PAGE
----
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Colorado Governor John Hickenlooper (D) may be playing coy about potentially running for president in 2020, along with roughly 30 other shy guys, but his attempts at presidential rhetoric about the divisions in America are a bit much.

Hickenlooper recently appeared on Politico’s “Money” podcast where he discussed the polarization of attitudes between people in rural areas and people in urban areas. This is a vital issue, but while I’m not sure I would go so far as to liken the situation to pro-slavery versus anti-slavery states, Hickenlooper did, via Politico:

“We are seeing a divide in this country that is as significant as when we had slave states and anti-slavery states,” Hickenlooper said. “This rural-urban divide, people in rural areas of Colorado and across the country feel like the urban areas have just left them behind and don’t care.”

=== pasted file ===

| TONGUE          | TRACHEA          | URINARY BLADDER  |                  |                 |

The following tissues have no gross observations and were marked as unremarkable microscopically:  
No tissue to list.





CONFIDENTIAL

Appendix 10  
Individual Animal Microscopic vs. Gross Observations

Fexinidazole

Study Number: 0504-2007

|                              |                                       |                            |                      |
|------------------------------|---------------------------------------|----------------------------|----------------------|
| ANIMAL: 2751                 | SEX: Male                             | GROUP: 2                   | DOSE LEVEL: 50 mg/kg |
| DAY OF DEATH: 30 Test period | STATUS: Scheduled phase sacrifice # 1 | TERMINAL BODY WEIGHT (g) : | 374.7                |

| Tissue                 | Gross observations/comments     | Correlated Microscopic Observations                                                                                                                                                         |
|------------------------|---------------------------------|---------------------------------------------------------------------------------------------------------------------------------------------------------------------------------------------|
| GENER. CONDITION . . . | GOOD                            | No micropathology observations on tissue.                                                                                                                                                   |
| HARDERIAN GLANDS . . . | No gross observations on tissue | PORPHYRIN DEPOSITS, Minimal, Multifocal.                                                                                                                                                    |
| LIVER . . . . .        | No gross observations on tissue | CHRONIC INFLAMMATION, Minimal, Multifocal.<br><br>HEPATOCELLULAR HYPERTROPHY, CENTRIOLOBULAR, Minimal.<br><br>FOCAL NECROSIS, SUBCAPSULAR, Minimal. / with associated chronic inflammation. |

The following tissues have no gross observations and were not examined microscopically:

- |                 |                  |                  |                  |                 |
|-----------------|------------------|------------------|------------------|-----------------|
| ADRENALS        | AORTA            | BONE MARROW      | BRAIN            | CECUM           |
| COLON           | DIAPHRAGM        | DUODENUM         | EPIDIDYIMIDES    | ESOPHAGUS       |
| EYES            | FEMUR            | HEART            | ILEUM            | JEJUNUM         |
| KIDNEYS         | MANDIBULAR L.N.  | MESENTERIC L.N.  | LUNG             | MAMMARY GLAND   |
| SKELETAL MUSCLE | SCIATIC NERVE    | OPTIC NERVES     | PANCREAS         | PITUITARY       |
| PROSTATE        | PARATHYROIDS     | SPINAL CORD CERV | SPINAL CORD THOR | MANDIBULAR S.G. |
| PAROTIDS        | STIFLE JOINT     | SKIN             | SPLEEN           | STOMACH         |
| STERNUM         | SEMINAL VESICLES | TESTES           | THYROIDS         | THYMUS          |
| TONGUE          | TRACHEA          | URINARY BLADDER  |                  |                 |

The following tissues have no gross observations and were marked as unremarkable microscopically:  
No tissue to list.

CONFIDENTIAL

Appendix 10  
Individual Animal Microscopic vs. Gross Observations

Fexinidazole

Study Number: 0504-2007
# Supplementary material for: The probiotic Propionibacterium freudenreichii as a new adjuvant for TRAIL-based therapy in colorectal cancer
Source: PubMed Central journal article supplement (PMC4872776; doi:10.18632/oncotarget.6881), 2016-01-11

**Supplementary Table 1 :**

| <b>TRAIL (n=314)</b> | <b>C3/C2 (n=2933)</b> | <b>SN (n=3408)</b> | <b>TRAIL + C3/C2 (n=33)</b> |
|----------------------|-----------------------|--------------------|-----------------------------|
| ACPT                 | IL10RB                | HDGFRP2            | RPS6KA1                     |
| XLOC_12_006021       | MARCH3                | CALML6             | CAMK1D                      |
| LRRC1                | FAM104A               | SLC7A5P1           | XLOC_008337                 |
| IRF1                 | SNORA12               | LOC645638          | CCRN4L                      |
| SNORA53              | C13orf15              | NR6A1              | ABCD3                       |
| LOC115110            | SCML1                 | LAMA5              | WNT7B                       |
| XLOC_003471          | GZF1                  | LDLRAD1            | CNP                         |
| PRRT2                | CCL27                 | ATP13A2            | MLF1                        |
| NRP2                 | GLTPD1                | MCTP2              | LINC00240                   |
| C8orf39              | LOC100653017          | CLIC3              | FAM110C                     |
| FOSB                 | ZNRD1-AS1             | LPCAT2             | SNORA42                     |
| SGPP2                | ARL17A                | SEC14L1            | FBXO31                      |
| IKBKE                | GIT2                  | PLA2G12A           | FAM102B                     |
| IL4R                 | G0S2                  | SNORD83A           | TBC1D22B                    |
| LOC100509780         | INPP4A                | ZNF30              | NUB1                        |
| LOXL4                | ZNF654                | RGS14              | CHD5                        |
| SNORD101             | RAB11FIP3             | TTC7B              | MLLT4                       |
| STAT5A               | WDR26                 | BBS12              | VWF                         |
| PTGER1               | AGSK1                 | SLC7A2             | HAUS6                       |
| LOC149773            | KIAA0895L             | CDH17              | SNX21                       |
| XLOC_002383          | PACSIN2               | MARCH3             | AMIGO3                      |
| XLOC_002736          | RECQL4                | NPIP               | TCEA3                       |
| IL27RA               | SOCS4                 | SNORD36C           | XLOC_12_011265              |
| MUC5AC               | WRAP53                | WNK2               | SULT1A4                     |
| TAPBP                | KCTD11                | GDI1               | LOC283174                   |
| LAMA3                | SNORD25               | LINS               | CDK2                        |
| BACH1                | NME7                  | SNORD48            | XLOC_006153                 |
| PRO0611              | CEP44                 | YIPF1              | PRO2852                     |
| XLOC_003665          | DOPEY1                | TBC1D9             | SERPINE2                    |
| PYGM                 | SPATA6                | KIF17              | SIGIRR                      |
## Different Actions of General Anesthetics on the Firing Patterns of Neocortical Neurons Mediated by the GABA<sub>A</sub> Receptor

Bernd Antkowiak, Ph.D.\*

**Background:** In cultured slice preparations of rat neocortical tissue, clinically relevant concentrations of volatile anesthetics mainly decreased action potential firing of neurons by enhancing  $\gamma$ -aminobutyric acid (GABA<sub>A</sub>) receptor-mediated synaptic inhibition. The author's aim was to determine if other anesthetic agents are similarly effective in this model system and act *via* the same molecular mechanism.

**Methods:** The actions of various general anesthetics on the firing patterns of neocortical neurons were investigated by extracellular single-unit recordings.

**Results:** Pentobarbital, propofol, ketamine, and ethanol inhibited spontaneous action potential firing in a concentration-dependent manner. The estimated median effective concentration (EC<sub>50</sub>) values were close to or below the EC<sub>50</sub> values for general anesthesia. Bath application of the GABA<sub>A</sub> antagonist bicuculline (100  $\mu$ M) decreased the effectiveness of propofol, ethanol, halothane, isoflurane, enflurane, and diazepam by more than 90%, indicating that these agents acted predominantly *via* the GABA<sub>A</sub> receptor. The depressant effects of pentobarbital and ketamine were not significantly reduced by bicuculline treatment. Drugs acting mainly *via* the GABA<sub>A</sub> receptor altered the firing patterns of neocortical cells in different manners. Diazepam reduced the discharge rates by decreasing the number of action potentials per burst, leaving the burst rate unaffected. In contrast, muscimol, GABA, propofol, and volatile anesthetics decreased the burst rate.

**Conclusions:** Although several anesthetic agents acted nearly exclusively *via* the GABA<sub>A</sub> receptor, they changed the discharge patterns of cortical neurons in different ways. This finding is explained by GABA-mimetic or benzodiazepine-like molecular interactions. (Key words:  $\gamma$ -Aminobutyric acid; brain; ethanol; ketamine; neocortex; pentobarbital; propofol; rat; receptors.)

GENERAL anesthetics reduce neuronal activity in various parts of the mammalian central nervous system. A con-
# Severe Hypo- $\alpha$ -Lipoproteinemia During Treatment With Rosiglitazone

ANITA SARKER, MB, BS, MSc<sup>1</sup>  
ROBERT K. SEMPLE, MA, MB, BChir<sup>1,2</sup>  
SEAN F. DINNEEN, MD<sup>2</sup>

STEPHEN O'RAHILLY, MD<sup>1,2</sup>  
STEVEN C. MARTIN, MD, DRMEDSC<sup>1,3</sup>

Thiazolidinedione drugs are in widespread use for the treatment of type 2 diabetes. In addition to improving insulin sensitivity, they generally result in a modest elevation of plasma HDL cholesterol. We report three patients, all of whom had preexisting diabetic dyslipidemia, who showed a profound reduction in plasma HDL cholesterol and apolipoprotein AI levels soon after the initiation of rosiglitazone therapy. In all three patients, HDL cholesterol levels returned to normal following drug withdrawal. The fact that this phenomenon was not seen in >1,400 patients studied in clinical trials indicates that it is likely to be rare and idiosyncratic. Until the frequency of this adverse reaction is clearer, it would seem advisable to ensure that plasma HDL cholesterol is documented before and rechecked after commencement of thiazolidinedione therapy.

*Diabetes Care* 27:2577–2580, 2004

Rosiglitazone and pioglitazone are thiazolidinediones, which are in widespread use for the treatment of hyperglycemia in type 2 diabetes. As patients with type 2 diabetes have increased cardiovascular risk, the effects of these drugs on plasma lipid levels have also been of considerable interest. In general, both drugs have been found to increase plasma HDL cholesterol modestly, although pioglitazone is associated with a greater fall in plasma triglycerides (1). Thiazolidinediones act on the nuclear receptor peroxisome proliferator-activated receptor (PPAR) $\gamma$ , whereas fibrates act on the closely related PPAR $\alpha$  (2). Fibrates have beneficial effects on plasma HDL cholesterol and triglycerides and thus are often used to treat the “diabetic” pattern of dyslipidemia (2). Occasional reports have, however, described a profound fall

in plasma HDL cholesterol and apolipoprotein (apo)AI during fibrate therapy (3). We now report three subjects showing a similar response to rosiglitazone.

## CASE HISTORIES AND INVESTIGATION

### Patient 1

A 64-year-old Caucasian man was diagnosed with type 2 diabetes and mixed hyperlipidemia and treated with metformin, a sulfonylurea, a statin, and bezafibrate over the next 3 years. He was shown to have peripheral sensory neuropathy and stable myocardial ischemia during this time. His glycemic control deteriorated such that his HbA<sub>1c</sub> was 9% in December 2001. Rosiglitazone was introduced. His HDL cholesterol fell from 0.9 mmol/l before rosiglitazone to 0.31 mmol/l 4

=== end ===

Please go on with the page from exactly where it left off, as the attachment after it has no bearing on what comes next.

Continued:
Perhaps this is why my French teacher, who gave classes in a Boston Market every Sunday, used to refer to Hickenlooper, then mayor of Denver, as “Chickenlooper” (it’s not why).

The urban-rural divide has been an issue of growing concern for Colorado. While Denver continues to develop, households in rural Colorado are still working to get high speed internet and gain access to dwindling funds. But comparing that, or broader national divisions, to the disagreement between states that supported the enslavement of black people versus states that did not is absurd and diminishes the importance of both issues.

It’s also an extremely careless comment on race. The changing racial demographics of Denver and Colorado do play a role in how the state is developing, but invoking the language of slavery automatically restricts the active players in the conversation to white people. It’s not like Hickenlooper was affording a political voice to the slaves themselves with that analogy.

So yes, the growing urban-rural divide in Colorado and across America is an increasingly dire situation that does need to be addressed, but let’s just leave the slavery imagery out of it, OK?